In her solo show, Mahmoud, Tara Grammy played three totally distinct and vivid characters: Mahmoud, based on an ebullient Iranian-born taxi driver she once met; a gay Spaniard named Emanuelos, who is dating a closeted Iranian man; and a heritage-questioning Iranian-Canadian girl at two different ages, based on Grammy herself. Wonderfully realized without props or costume changes, Grammy used the three characters to make all sorts of commentary on the Iranian diaspora, and the conflicts between generations. While the ending didn’t seem fully realized, Grammy’s characters, and her own versatility, were crystal clear.
Six: The bleak comedic genius of Tony Ho’s Sad People.
Neither a play nor a traditional sketch comedy show, Tony Ho’s Sad People was undoubtedly one of the home runs at this year’s festival. A series of vaguely interlinked sketches, Sad People managed to be simultaneously hilarious, poignant, and unbelievably, stomach-churningly uncomfortable. Featuring sketches about everything from mothers who fantasize about their teenage daughters’ boyfriends, to grotesque art projects come to life, the three members of Tony Ho managed to find the darker-than-black humour that exists in even the weirdest situations.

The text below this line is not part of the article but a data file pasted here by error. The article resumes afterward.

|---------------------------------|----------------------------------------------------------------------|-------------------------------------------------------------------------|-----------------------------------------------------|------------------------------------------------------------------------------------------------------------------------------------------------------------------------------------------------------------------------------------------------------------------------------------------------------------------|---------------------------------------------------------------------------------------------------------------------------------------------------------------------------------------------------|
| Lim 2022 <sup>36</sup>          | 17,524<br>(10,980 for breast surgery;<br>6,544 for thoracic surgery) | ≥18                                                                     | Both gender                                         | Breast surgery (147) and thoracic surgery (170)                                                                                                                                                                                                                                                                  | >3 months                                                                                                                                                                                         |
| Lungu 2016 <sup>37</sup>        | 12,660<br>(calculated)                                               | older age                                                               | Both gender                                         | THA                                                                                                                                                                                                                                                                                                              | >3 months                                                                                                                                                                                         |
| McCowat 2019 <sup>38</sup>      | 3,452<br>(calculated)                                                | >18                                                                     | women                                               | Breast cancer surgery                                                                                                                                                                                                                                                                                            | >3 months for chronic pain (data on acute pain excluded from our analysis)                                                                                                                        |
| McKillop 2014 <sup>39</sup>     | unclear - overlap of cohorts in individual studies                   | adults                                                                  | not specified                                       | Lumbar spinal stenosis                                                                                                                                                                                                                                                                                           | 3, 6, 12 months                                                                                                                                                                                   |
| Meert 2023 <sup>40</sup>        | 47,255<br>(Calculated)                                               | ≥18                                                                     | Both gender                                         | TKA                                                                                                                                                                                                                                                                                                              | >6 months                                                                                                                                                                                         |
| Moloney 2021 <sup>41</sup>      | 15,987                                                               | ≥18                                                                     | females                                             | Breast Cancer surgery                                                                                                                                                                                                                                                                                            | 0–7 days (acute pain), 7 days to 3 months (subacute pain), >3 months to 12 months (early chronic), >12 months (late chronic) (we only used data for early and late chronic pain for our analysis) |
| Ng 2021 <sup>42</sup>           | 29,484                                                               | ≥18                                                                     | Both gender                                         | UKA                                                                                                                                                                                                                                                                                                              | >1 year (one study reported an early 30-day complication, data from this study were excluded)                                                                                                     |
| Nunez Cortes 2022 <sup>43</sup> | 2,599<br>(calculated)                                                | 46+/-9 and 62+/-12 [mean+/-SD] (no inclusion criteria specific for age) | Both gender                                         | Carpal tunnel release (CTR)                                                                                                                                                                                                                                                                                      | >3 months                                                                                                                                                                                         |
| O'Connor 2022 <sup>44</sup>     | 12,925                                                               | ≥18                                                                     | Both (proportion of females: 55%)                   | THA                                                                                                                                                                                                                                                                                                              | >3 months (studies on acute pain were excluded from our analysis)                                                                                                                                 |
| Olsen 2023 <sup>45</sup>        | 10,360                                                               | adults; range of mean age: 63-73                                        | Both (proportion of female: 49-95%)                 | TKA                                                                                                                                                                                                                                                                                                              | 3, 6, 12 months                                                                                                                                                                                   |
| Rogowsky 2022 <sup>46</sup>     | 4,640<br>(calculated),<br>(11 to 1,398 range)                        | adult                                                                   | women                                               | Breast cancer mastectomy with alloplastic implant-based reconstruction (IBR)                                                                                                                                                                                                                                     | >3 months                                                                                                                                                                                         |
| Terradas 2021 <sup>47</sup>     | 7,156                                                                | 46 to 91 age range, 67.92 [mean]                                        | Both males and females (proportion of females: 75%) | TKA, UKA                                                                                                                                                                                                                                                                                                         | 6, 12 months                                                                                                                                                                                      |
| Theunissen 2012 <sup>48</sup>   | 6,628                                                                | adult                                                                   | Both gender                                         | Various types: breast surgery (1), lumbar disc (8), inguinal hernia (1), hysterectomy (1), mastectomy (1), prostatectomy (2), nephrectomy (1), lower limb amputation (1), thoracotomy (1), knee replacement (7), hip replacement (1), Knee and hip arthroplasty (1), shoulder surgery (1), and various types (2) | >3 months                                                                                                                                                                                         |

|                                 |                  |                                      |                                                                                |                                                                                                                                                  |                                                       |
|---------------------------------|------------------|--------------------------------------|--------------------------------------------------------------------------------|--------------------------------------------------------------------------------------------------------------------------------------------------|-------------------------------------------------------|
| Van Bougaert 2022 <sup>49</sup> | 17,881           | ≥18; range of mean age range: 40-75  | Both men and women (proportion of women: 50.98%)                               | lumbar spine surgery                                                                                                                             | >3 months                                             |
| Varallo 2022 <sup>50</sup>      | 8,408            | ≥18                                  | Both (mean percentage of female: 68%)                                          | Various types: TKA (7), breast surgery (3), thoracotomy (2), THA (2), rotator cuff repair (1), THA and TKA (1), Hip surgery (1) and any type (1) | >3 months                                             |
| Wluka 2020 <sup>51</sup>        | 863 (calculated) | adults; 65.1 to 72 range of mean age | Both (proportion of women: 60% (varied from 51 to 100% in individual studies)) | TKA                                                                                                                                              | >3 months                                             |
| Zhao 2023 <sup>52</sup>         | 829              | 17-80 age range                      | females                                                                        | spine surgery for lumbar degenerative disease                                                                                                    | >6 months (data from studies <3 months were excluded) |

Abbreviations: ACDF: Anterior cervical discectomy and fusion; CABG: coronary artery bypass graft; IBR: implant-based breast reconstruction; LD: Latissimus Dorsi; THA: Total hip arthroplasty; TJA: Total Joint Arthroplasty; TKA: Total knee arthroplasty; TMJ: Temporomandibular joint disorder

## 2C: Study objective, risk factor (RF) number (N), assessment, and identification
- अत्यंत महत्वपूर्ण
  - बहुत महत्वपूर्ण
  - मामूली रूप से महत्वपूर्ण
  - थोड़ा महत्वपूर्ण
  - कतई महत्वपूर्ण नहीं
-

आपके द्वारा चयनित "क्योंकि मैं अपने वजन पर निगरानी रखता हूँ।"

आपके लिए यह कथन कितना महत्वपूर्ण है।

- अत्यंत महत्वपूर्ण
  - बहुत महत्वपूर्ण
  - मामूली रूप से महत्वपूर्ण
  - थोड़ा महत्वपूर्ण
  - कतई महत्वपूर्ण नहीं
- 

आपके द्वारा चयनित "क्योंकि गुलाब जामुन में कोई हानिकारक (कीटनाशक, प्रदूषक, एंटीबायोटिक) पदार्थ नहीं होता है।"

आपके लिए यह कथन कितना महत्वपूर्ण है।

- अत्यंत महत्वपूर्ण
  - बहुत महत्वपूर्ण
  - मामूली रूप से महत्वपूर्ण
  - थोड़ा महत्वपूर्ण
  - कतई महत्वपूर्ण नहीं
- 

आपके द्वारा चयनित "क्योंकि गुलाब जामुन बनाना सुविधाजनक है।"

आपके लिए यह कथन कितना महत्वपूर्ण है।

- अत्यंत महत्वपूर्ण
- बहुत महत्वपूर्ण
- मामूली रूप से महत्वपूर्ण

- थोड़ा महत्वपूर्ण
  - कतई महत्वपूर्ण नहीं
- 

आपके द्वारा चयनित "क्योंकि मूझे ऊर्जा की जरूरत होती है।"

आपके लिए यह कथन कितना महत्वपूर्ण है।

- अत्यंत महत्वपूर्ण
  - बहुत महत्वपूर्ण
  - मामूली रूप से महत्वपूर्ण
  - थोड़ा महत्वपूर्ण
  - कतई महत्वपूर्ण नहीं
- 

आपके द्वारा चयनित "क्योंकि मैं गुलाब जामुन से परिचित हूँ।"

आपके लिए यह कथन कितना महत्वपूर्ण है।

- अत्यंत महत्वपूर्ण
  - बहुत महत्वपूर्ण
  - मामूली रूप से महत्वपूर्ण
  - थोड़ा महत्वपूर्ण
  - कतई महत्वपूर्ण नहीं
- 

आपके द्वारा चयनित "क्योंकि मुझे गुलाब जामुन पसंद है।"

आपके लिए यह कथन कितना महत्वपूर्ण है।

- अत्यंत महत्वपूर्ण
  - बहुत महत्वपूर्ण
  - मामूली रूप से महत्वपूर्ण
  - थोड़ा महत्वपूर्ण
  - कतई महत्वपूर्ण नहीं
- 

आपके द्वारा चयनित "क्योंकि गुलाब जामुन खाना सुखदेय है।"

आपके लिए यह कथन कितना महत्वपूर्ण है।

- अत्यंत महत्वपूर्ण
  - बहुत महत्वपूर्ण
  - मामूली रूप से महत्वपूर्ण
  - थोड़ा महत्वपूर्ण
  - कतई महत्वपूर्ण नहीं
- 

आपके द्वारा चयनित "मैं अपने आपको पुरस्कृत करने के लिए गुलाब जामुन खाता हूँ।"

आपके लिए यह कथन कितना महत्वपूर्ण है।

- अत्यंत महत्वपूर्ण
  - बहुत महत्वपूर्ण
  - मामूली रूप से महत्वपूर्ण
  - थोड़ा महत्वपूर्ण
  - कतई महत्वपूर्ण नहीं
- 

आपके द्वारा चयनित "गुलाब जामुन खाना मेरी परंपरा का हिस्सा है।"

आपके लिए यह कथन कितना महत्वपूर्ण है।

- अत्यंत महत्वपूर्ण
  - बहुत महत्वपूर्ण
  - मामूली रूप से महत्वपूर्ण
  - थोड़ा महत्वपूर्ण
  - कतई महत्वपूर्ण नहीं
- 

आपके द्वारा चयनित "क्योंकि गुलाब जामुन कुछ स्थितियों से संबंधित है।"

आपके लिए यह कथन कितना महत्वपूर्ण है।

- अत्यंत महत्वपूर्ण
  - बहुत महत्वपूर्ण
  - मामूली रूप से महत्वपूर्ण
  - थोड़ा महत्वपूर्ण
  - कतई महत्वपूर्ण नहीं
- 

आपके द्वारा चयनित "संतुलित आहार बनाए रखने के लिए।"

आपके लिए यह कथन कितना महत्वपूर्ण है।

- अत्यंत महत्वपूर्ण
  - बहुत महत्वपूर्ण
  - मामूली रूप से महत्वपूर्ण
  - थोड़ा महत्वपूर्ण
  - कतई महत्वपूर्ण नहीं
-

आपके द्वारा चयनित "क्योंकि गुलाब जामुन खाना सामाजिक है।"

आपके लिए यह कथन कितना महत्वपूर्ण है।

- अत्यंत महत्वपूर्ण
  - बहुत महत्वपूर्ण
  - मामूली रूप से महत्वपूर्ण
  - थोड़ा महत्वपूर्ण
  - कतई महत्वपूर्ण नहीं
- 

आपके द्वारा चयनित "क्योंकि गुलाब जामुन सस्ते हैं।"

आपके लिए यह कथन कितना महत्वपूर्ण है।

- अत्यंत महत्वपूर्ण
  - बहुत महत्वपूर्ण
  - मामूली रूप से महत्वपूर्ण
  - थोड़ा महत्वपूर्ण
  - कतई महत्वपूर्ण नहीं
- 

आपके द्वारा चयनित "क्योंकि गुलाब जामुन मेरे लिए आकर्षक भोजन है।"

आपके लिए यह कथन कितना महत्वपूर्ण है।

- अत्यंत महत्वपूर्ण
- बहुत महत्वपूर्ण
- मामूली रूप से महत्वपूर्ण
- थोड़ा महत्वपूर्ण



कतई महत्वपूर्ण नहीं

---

Five: Jack Grinhaus’ canny direction of Dirty Butterfly, and Release The Stars: The Ballad of Randy and Evi Quaid.
In a festival where many accomplished directors helped shepherd original scripts to success, Jack Grinhaus helmed not just one but two wildly different and challenging hits. For Dirty Butterfly, he coaxed career-best performances from a trio of actors interpreting disturbing and disjointed dialogue. He also came up with a brilliant staging trick: dividing the space with lines made of fine red dust, which were eventually broken, then swept up and used as a dry substitute for liquid stage blood.
Grinhaus also helped Daniel Krolik and Amanda Barker stage their site-specific celebrity-focused gallery creation Release the Stars: The Ballad of Randy and Evi Quaid—which ended up paying off for him in an interesting way. He watched the closing show with the Quaids in attendance, and heard their enthusiastic feedback afterward. (See our “double duty” blurb further down for more details.)